Tiger Woods breaks his slump at Bay Hill

By Shane Bacon | Blogger
Tiger Woods lifts his first trophy since 2009. (Getty Images)

The wait is finally over. No more hoping and wishing and “I'm close” quotes from Tiger Woods anymore.

On Sunday at the same course Tiger laminated his last comeback, Tiger Woods finally won a PGA Tour event in pretty much the same fashion we were used to in the past.

Woods was spectacular for the entire week, playing a Bay Hill course that seemed to give just about everyone else fits in annoyingly consistent fashion. Like the mechanic we once knew, Tiger extended his lead over Graeme McDowell on Sunday and went to work, hitting stinger tee balls in the fairway, finding the middle of greens, basically forcing anybody behind him to make a charge on a golf course without a lot of great birdie holes.

You'll hear a ton of stats about Tiger's win over the next 24 hours. You'll hear about how many years, months, days it was since he last lifted a full-fielded trophy, but it seemed this win was about way more than simply numbers.

For Tiger, winning on Sunday at Bay Hill was as much a confidence boost as anything. Woods has been in positions as of late where he could have won. He's been down the stretch in events that he could have closed and not be able to. He had a shot at Pebble Beach earlier this year but couldn't find his game on Sunday.

This week seemed different. The week started with questions about his health and the state of he as a person more than about Tiger as a golfer, but he quickly quieted those with a second round 65. Then came Saturday, when Tiger started to build a lead only to lose a golf shot on the 15th hole that was anything but Tiger-like.

That was the moment when you knew it could either go one way or the other. Tiger could let that shot bother him, struggle to finish his round and possibly let another tournament get away from him, or he could push that swing away, grind out the rest of his third round and focus on Sunday.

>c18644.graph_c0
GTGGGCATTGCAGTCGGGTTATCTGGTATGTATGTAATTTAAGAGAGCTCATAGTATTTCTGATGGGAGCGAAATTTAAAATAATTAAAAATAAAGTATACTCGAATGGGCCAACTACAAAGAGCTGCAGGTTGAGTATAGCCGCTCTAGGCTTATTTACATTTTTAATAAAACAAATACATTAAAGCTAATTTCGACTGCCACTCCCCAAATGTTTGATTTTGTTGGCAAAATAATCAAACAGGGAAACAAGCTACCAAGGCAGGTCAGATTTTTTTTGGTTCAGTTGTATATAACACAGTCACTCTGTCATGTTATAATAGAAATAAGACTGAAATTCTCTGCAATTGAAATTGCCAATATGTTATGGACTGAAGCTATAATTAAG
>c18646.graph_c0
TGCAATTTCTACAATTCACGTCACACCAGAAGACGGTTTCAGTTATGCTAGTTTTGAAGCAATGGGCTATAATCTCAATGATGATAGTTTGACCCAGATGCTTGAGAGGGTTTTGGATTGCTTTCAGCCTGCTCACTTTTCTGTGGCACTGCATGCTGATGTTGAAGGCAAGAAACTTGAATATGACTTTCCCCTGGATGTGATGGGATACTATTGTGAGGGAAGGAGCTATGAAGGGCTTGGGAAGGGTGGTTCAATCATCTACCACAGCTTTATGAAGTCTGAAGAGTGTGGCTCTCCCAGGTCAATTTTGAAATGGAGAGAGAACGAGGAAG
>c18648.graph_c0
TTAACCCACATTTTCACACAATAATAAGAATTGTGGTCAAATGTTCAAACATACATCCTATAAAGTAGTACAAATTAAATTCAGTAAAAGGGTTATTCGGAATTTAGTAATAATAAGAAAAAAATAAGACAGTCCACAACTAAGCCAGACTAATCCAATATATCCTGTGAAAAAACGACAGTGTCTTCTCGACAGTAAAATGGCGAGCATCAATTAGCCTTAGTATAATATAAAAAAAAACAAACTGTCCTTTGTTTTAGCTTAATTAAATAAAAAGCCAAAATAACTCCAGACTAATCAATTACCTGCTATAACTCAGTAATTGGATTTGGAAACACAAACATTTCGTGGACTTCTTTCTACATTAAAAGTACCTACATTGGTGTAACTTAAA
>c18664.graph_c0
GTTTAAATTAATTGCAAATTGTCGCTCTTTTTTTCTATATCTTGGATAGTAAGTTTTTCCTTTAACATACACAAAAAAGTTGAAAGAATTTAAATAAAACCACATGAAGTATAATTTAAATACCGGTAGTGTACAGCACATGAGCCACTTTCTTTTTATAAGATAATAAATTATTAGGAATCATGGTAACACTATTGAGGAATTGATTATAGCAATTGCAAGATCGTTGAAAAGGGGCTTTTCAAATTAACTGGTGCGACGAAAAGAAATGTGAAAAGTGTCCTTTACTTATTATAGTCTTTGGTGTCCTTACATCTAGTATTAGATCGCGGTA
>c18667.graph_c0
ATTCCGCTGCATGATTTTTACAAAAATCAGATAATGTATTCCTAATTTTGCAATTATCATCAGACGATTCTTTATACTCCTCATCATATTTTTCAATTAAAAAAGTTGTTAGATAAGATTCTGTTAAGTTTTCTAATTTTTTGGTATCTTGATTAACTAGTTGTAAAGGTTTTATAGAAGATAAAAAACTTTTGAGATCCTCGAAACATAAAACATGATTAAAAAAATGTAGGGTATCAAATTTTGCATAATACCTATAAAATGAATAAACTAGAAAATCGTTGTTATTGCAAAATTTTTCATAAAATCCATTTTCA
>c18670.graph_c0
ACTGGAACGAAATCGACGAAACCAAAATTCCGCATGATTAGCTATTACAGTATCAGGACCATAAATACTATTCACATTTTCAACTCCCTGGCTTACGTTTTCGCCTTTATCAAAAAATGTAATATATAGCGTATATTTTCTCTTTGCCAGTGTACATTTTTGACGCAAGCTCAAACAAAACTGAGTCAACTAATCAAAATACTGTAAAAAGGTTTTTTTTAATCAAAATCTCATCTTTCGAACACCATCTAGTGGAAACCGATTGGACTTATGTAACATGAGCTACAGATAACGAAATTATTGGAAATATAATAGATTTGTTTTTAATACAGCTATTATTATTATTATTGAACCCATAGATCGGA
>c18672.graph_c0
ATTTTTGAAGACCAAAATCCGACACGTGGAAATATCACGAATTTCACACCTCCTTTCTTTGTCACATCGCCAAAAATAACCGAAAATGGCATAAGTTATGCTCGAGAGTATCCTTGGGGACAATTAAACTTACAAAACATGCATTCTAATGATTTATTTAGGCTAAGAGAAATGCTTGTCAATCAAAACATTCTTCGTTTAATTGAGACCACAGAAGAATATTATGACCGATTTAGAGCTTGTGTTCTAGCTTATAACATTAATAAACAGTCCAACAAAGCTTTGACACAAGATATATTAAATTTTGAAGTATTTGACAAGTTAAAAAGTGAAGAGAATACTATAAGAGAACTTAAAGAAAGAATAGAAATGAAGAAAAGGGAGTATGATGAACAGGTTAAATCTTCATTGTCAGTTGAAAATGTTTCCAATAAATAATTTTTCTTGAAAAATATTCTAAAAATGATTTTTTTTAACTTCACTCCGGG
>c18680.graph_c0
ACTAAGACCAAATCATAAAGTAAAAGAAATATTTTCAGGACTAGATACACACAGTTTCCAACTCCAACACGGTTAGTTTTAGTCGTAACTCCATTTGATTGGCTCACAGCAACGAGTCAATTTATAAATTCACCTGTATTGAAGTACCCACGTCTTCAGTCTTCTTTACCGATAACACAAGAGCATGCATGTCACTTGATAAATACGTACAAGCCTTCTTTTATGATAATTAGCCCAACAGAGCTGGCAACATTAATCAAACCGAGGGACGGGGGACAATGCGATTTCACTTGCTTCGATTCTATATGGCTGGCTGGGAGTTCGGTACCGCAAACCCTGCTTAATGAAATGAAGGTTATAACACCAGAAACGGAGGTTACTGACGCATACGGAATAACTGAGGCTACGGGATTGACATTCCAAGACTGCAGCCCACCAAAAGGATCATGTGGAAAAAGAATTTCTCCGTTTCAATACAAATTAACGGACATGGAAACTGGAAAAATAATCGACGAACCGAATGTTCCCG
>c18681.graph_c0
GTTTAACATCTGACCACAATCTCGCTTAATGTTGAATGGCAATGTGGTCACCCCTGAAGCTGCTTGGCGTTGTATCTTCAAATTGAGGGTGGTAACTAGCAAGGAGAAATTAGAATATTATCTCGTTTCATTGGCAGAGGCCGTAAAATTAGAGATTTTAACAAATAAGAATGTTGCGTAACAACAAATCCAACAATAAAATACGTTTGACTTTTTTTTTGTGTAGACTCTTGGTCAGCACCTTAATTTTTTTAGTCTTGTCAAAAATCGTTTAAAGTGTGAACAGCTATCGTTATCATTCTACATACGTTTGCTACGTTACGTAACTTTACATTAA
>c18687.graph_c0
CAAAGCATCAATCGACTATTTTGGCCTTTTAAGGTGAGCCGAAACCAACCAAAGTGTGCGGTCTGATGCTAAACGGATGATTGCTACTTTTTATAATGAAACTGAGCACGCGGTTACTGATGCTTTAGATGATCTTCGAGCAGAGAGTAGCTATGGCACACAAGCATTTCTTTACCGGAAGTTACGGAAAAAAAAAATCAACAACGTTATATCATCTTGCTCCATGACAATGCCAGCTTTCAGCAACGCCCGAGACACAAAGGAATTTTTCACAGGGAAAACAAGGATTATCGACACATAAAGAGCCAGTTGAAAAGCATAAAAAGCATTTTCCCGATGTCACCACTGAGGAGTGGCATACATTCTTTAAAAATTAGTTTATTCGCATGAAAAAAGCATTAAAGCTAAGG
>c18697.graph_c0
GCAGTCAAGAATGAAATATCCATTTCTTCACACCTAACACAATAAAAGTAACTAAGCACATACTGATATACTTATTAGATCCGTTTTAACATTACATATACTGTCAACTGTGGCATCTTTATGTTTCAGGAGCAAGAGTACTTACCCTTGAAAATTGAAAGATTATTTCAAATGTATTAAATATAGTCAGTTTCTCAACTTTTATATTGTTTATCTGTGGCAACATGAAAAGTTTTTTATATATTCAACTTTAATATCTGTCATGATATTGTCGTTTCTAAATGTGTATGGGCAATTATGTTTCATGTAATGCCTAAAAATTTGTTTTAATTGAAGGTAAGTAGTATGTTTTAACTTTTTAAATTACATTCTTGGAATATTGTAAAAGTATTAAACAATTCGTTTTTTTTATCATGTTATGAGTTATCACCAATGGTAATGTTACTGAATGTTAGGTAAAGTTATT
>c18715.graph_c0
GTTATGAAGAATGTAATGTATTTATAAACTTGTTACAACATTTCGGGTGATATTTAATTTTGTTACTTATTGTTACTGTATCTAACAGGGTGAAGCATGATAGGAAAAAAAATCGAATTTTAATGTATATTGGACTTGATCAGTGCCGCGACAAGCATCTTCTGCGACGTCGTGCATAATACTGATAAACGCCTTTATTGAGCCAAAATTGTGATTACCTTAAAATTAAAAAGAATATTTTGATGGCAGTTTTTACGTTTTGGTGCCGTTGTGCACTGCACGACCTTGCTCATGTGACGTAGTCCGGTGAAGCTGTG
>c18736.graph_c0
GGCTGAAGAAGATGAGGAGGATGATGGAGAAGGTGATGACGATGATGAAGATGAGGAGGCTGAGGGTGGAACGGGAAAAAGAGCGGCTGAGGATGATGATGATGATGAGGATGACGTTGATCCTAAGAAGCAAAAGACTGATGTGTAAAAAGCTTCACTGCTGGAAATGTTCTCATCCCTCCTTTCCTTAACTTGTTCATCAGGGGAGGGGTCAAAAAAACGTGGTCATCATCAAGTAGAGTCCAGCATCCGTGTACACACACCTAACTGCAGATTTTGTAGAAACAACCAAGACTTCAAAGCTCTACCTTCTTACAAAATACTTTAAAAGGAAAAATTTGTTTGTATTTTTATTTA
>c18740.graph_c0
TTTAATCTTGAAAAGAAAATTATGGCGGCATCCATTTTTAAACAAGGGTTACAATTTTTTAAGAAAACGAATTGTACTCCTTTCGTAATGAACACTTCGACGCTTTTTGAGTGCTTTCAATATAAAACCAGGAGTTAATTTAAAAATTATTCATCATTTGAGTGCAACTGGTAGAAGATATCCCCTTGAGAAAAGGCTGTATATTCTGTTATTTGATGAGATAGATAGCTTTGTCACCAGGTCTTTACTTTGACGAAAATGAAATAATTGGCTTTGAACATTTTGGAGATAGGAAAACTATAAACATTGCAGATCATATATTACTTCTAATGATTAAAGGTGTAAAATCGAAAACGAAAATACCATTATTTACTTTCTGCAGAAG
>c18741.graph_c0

He went with the latter approach, landing in the final group with a one-shot lead and letting everyone else fall apart around him. That was what Tiger used to be the best at, and on Sunday, everything from his past seemed to resurface. He made the lengthy par putts when he had to. He never let a bad swing or bad decision bother him past that moment. He was swinging with the type of confidence that we used to see weekly.

But maybe the most telling moment didn't come when Tiger needed something to happen. The most telling moment after Tiger had hit his last full shot of the day. Walking up the 18th green, with a comfortable five shot lead and the tournament all but wrapped up, Tiger broke character. He smiled and high-fived before the final putt dropped. He shook hands with his competitor before the round ended. He actually looked like he was enjoying himself out there.

And then came the smile. Tiger was stalking his birdie putt on the final hole that didn't meant anything, and he cracked. A smile crept across his face and he looked around, soaking in the moment.

This is a new Tiger Woods; same ability to close, newfound appreciate for winning. Augusta National, I hope you're ready for him.

For more golf news and updates, follow Shane Bacon and Eye on Golf on Twitter.

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